Even as I’ve typed this, I have been continuously yawning – this being because of the psychological effect of writing about it or due to my constant lack of sleep, I can’t figure out.

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Nobody Nowhere By Donna Williams – The Remarkable Autobiography of an Autistic Girl

“Labelled deaf, abnormal, nut, retard, spastic, mental, moron, ‘blonk’, crazy, weird, wild and insane, Donna Williams lived in a world of her own. She existed in a state of dreamlike recession, viewing her incomprehensible surroundings from the security of a ‘world under glass’. Few people understood her, least of all Donna herself, and she yearned to become ‘normal’. At the age of twenty-five, Donna discovered a word, a new label, which brought with it a handful of answers, a chance for forgiveness and hope for a sense of belonging:that word was autism.”

This isn’t my typical choice of book, I usually go for light hearted books about love and life, I’m the stereotypical girl in that respect. However, I stumbled across this book when gathering information for my EPQ. The focus of my essay is autism and the causes as well as the lives led by autistic people.

I didn’t think I would enjoy the book, I thought it would be a challenge to get through and would solely be for work purposes, I even had designated times I would read it-not too early in the day in case I drifted off to sleep, and not too late in case…again..I drifted off to sleep.

However, when I started the book I quickly became hooked. As you may have gathered, I’m fascinated by autism, but I can safely say anyone would find this book interesting.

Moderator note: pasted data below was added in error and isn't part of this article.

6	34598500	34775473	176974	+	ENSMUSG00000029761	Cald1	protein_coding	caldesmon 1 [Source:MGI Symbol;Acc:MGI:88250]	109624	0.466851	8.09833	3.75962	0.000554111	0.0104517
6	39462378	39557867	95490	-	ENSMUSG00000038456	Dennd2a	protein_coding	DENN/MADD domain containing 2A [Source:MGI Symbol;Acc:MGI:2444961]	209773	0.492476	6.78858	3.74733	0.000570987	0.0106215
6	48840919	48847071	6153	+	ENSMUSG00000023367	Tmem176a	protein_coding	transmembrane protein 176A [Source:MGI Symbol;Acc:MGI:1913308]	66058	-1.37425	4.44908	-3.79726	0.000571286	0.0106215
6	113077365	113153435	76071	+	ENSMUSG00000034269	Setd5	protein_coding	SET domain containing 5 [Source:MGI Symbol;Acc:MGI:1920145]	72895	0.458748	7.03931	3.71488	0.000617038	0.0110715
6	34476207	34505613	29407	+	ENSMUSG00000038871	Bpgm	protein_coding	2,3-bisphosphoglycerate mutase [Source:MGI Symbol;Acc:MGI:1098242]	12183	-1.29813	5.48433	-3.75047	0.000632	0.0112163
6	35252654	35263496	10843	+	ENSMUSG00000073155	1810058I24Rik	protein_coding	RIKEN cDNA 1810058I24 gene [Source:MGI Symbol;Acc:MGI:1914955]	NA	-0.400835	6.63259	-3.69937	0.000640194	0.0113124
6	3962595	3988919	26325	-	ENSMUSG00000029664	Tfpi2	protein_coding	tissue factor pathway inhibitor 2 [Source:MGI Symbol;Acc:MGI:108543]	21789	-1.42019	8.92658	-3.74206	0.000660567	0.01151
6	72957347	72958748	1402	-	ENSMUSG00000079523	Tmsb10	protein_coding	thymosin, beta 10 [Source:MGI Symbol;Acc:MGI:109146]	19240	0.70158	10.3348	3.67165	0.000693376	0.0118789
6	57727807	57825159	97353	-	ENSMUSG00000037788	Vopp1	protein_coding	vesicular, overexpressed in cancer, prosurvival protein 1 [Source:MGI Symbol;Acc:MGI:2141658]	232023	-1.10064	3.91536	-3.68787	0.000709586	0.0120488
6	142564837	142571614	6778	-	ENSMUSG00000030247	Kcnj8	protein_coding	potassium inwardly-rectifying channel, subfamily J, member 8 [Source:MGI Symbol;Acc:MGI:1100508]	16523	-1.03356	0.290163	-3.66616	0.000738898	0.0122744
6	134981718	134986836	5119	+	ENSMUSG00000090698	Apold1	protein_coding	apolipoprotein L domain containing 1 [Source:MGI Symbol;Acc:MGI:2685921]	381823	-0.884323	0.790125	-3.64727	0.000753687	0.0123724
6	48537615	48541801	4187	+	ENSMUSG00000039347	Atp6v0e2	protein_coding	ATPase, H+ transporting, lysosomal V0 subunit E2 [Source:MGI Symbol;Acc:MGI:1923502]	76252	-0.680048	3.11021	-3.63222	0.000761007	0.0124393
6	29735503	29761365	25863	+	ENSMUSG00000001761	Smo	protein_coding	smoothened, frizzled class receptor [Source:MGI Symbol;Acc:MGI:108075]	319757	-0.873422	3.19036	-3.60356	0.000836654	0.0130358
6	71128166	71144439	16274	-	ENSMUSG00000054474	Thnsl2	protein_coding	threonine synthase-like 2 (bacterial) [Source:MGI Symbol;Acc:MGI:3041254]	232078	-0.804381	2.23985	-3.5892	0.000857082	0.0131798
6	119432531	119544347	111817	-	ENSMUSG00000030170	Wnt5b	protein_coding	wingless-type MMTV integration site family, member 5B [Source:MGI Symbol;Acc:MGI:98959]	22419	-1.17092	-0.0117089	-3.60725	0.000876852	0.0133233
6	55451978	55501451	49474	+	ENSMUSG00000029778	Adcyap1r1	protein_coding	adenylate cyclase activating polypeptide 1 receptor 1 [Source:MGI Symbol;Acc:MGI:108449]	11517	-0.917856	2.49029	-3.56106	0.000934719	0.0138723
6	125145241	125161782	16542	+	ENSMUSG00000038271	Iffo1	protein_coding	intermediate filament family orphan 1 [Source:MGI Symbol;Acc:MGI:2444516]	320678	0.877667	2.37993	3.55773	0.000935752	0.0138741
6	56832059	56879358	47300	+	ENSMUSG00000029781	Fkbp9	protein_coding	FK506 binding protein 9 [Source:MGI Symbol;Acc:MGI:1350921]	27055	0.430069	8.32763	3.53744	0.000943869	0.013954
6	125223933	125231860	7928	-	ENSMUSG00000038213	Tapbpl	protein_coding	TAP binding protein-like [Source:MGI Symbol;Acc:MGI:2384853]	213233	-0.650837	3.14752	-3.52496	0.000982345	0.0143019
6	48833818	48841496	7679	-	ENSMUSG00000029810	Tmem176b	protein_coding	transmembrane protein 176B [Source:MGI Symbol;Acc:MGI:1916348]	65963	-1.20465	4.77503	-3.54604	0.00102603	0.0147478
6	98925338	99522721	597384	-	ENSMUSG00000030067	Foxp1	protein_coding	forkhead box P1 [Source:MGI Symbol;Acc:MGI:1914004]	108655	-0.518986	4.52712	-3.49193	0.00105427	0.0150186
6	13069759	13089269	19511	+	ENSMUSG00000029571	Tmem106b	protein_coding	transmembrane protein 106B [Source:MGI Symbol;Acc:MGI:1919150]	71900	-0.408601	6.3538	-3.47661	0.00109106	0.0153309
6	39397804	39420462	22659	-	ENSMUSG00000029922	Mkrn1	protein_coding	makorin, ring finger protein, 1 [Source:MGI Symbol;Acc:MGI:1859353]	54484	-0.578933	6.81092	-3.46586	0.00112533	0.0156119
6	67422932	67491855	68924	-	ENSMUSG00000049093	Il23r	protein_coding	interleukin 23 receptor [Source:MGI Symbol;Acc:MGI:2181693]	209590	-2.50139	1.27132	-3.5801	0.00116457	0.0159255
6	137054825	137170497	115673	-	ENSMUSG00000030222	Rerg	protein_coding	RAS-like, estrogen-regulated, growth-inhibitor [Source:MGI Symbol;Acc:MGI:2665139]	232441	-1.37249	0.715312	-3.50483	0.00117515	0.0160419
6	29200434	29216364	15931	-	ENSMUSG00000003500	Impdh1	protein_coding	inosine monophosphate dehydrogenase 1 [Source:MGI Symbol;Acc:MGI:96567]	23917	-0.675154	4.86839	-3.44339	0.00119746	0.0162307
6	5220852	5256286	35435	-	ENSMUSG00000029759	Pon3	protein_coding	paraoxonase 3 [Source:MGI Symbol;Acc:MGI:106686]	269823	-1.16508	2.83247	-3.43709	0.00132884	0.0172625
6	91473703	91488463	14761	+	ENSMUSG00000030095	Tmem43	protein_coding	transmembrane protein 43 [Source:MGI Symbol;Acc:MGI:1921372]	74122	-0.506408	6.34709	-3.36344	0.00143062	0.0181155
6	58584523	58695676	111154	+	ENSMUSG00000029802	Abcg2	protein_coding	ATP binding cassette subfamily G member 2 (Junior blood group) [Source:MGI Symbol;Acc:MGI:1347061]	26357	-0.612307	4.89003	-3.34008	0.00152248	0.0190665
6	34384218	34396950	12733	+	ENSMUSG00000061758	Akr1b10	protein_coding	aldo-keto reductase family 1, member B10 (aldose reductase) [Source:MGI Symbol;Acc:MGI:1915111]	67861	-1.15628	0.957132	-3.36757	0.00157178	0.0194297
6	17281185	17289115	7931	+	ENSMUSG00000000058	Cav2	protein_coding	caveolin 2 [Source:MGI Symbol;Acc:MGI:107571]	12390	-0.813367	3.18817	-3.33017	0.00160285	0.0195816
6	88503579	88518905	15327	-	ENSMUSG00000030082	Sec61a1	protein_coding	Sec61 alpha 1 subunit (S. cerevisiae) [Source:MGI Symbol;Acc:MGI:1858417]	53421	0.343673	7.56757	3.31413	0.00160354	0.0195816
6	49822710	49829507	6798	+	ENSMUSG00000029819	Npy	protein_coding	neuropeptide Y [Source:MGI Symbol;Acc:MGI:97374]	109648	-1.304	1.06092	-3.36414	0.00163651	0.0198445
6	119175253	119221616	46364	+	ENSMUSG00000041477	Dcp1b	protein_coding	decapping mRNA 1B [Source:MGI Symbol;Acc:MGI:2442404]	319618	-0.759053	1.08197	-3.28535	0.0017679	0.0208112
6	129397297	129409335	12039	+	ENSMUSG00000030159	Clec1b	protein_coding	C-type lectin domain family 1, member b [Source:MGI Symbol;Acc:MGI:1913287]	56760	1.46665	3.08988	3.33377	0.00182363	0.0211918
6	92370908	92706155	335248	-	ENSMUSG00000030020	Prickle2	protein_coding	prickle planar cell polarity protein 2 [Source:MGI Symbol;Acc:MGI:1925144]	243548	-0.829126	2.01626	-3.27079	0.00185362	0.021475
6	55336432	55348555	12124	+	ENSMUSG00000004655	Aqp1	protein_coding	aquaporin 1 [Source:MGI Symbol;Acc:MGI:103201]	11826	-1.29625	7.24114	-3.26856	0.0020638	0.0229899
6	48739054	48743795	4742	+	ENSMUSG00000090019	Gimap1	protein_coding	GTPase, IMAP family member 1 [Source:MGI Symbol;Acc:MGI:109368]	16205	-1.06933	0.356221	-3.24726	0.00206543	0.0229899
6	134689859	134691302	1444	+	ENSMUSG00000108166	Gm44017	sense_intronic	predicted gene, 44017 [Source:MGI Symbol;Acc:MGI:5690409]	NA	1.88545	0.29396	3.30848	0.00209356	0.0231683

It is an autobiography written by an autistic women, looking back over her life. This is a rare case of written documentation of a first hand account of the perspective of a sufferer of autism on their life. Many autistic patients have an incredible memory, and so her account travels back to the age of infancy.

It is one of the most fascinating books I’ve ever read, and has become one of my favourites. It is not a light-hearted book in any sense, her story is sad and at times disturbing, however the outcome leaves you hopeful and opens your mind.

I read this book a couple of months ago and even now at times I still just sit back and think about it. There is no doubt I will read it multiple times, it is just one of those books that has a long lasting impact on a person.

Here is an extract from introduction, before the book even begins:

“This is a story of two battles, a battle to keep out ‘the world’ and a battle to join it. It tells of the battles within ‘my own world’ and the battle lines, tactics used, and casualties of my private wars against others.
This is my attempt at a truce, the conditions of which are on my terms. I have, throughout my private war, been a she, a you, a Donna, a me and finally an I. All of us will tell it like it was and like it is. If you sense distance, you’re not mistaken; it’s real. Welcome to my world.”

It is the first addition of a series of four books: Nobody Nowhere, Somebody Somewhere, Like Colour to the Blind and Everyday Heaven.